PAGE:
“He is Not Silent” Book Review


I first heard of Al Mohler when I found out that he was delivering the commencement address at my college graduation, since that time I have grown to love his preaching, his writing, and most recently his two new podcasts (“Thinking in Public” and “The Briefing”).

Mohler’s recent book “He is Not Silent” is yet another example of his readable style, thoughtful commentary and commitment to biblical orthodoxy.  He is Not Silent is a book about preaching, specifically it’s a book about expository preaching.  Mohler writes, “I believe that the only form of authentic Christian preaching is expository preaching.”  The book weighs in at 169 pages with a pretty large print, so it is by no means an exhaustive treatment of the topic of expository preaching but it is nonetheless thoughtful and very helpful.  I found myself greatly encouraged as a preacher reading this book.

In spite of the brief nature of the book, Mohler covers a lot of ground in its 10 chapters, tackling issues such as a definition of expository preaching, preaching to postmodern ears, the nature of theology in preaching, the issue of authority in preaching and several others. 

The main point that Mohler is making throughout He is Not Silent is that God continues to actively speak today and the means which He uses to carry His voice is preaching.  Mohler writes:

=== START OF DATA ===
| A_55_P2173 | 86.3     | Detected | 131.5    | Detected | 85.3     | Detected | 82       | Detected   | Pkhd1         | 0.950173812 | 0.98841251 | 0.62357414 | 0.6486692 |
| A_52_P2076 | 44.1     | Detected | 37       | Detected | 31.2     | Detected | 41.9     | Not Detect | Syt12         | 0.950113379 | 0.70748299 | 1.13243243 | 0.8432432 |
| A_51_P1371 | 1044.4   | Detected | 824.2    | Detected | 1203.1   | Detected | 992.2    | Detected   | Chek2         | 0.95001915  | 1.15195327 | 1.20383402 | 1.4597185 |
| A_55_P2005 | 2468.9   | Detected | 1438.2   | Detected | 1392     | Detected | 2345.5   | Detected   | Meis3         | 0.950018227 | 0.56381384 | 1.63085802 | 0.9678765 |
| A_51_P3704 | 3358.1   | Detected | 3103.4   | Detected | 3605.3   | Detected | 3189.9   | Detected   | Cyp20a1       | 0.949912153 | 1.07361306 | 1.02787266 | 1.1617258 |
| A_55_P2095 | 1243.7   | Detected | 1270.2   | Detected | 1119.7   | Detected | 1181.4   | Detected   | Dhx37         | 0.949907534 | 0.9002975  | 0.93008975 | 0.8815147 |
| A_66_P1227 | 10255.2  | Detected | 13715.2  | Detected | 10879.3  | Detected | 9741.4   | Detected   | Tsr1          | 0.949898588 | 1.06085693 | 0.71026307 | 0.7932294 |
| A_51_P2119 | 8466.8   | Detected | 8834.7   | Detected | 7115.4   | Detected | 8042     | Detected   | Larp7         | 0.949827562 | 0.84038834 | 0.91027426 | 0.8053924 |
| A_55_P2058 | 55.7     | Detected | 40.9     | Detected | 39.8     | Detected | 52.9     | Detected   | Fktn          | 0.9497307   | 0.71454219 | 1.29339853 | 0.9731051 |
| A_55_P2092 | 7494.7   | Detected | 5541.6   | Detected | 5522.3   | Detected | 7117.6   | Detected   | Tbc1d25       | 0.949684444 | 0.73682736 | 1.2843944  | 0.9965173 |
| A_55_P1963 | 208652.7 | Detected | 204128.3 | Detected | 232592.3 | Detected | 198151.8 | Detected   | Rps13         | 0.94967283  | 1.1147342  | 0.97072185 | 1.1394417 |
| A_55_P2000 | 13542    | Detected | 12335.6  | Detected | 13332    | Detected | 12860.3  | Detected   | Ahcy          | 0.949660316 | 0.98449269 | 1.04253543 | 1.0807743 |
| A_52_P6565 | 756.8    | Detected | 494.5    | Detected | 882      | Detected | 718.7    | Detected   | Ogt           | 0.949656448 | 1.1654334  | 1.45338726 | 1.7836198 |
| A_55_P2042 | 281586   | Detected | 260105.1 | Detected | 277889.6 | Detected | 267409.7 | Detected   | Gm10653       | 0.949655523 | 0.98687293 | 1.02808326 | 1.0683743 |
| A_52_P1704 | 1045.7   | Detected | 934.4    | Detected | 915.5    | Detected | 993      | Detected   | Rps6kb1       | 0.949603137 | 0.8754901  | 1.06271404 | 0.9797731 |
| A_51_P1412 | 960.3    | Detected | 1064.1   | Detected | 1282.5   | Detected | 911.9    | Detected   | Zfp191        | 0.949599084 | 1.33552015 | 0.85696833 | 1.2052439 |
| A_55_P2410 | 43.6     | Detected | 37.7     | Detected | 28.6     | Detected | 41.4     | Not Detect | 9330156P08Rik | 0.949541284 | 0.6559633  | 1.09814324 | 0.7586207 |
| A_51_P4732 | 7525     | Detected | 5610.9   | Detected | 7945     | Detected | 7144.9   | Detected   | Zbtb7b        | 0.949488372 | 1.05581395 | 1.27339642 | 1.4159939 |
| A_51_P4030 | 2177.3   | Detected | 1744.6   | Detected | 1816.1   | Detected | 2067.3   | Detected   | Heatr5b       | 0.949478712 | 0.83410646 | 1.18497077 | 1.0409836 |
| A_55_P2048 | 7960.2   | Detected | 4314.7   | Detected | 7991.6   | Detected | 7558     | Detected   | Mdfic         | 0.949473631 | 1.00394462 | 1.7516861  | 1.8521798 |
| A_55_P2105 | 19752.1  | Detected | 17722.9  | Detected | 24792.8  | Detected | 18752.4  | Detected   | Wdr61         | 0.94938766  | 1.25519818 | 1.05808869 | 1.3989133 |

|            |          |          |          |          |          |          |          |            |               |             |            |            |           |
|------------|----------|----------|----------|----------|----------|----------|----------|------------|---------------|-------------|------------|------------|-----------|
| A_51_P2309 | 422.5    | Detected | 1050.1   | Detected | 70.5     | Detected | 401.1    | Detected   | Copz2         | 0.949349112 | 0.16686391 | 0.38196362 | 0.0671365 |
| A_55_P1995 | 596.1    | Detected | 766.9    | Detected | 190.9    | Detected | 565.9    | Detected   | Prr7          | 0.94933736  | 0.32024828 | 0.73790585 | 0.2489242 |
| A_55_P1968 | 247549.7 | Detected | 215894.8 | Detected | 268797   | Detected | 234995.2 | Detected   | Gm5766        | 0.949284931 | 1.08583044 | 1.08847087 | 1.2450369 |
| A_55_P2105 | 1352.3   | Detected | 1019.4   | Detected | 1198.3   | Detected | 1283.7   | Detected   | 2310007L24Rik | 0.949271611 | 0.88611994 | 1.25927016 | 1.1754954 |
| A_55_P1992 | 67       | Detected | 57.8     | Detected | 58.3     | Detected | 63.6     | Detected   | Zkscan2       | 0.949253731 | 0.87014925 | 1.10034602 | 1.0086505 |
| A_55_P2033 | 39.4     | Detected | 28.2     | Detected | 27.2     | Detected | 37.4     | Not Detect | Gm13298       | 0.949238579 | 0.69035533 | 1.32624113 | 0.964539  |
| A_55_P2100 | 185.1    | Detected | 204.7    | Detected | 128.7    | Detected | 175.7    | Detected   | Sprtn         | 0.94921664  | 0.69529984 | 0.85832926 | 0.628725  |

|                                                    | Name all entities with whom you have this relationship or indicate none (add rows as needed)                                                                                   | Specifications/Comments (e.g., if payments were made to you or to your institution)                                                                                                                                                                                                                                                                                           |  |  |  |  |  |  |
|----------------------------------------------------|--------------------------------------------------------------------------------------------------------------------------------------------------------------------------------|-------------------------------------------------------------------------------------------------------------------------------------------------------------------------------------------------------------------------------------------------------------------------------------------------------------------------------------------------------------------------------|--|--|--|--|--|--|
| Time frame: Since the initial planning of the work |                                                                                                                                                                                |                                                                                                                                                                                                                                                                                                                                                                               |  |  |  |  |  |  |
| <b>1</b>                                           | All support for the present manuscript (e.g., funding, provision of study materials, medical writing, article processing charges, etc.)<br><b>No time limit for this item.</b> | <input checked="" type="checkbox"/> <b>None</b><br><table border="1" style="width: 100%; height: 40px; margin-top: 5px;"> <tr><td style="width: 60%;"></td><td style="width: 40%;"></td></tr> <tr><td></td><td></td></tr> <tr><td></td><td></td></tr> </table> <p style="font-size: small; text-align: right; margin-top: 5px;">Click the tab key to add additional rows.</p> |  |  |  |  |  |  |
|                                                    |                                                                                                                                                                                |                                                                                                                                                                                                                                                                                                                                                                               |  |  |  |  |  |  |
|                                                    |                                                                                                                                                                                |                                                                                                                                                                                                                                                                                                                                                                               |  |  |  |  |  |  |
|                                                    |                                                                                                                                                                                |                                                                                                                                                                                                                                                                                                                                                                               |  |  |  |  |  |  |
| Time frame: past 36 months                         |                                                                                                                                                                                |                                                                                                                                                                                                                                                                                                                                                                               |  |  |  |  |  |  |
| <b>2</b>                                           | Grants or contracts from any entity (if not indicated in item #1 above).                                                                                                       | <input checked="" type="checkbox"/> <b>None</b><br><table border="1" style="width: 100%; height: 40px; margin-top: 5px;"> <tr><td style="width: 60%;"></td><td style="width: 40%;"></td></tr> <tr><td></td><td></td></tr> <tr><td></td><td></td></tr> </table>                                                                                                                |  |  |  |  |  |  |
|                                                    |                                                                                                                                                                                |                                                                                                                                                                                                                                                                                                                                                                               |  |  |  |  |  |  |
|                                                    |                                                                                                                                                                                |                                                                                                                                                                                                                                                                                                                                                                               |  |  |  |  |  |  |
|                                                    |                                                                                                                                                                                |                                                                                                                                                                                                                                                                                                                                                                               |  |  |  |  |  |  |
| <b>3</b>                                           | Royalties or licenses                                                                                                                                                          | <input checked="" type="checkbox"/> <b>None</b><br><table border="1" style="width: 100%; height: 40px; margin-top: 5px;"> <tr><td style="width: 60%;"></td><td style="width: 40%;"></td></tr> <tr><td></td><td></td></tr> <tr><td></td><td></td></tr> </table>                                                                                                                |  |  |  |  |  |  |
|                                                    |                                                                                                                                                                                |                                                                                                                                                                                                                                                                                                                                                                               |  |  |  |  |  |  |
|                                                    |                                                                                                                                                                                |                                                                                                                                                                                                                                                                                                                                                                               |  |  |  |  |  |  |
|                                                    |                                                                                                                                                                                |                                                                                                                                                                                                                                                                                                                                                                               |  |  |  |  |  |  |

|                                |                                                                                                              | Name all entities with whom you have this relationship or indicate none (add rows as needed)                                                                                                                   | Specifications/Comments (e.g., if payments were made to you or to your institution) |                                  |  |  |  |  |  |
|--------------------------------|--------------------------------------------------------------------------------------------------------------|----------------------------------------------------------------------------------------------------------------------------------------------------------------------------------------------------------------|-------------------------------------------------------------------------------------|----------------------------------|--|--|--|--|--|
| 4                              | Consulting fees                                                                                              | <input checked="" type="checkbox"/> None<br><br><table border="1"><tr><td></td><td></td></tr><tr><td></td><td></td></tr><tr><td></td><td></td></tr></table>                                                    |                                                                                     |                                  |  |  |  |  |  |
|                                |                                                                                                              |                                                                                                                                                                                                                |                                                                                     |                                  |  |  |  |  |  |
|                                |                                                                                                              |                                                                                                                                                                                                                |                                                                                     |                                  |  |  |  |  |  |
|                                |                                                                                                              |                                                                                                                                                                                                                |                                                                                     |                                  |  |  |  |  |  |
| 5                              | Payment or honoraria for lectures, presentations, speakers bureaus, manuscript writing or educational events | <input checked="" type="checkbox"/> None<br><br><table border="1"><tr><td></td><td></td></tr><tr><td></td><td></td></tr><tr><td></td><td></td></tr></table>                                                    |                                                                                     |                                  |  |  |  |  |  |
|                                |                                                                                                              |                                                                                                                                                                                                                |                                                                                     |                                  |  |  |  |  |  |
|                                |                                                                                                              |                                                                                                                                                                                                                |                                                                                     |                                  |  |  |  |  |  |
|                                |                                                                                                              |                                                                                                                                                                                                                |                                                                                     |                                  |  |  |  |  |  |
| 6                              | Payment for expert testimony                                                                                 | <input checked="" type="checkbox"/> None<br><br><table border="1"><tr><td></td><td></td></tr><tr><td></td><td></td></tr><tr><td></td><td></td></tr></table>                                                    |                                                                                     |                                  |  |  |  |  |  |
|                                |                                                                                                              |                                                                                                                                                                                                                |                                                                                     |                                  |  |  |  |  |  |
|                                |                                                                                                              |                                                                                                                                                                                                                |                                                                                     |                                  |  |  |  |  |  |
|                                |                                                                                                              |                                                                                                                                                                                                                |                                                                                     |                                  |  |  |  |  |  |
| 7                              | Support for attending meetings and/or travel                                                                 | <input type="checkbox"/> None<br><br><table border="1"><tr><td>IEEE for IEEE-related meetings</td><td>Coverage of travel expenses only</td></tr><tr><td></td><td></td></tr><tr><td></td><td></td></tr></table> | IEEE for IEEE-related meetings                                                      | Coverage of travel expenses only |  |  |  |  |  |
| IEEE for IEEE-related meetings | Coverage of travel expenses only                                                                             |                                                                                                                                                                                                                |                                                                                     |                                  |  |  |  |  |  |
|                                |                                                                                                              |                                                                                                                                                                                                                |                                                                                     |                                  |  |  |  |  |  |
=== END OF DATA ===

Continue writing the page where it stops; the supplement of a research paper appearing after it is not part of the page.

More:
You see, that’s the grand distinction made in the Old Testament over and over again between the true God and the false idols.  The pagan peoples see their gods and speak to their gods, but the one true and living God is never seen, and yet He speaks to His people…

It all finally comes down to the question of who has the right to speak.  Does the preacher have the right to speak, or does that right belong to God?  That is the difference between life and death for our people.  Do we think that God’s elect will be called out by our own stories, gimmicks, and eloquence?  Such thinking is arrogance.  Can God’s redeemed people live on our words alone?  Will they be just fine if we don’t read and explain God’s Word to them?  Obviously not.  For life is found only in the Word of God.

In the end, our calling as preachers is really very simple.  We study, we stand before our people, we read the text, and we explain it.  We reprove, rebuke, exhort, encourage, and teach – and then we do it all again and again and again.

He is Not Silent is an excellent book about preaching and a powerful reminder that God really does speak to us today and that He does so through the agency of preaching.

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October 04 2010 04:00 am | Blog

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